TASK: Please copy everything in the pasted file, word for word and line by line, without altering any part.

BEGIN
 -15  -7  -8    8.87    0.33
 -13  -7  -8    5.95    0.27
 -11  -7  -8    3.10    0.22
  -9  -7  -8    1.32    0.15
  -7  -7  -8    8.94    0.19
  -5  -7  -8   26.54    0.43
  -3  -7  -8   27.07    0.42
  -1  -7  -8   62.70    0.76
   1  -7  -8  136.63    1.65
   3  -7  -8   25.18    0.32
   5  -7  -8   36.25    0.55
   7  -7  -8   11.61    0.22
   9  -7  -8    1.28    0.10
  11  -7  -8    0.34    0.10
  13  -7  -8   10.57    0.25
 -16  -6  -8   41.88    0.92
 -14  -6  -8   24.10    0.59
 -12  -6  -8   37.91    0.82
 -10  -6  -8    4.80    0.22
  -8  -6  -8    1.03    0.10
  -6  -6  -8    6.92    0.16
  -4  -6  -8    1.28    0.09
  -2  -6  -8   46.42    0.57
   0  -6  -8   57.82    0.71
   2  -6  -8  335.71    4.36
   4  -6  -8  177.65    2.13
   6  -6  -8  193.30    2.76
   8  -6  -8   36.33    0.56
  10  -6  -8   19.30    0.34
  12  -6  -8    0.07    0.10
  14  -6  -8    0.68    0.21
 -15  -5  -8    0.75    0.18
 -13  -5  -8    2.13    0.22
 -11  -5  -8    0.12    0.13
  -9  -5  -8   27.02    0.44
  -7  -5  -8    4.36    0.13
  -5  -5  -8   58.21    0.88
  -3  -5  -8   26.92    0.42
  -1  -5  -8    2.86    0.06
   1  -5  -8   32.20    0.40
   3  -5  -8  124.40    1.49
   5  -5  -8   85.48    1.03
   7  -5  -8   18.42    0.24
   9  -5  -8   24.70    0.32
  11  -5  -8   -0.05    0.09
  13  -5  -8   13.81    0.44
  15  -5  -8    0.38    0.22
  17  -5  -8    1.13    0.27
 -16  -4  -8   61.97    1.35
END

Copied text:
 -15  -7  -8    8.87    0.33
 -13  -7  -8    5.95    0.27
 -11  -7  -8    3.10    0.22
  -9  -7  -8    1.32    0.15
  -7  -7  -8    8.94    0.19
  -5  -7  -8   26.54    0.43
  -3  -7  -8   27.07    0.42
  -1  -7  -8   62.70    0.76
   1  -7  -8  136.63    1.65
   3  -7  -8   25.18    0.32
   5  -7  -8   36.25    0.55
   7  -7  -8   11.61    0.22
   9  -7  -8    1.28    0.10
  11  -7  -8    0.34    0.10
  13  -7  -8   10.57    0.25
 -16  -6  -8   41.88    0.92
 -14  -6  -8   24.10    0.59
 -12  -6  -8   37.91    0.82
 -10  -6  -8    4.80    0.22
  -8  -6  -8    1.03    0.10
  -6  -6  -8    6.92    0.16
  -4  -6  -8    1.28    0.09
  -2  -6  -8   46.42    0.57
   0  -6  -8   57.82    0.71
   2  -6  -8  335.71    4.36
   4  -6  -8  177.65    2.13
   6  -6  -8  193.30    2.76
   8  -6  -8   36.33    0.56
  10  -6  -8   19.30    0.34
  12  -6  -8    0.07    0.10
  14  -6  -8    0.68    0.21
 -15  -5  -8    0.75    0.18
 -13  -5  -8    2.13    0.22
 -11  -5  -8    0.12    0.13
  -9  -5  -8   27.02    0.44
  -7  -5  -8    4.36    0.13
  -5  -5  -8   58.21    0.88
  -3  -5  -8   26.92    0.42
  -1  -5  -8    2.86    0.06
   1  -5  -8   32.20    0.40
   3  -5  -8  124.40    1.49
   5  -5  -8   85.48    1.03
   7  -5  -8   18.42    0.24
   9  -5  -8   24.70    0.32
  11  -5  -8   -0.05    0.09
  13  -5  -8   13.81    0.44
  15  -5  -8    0.38    0.22
  17  -5  -8    1.13    0.27
 -16  -4  -8   61.97    1.35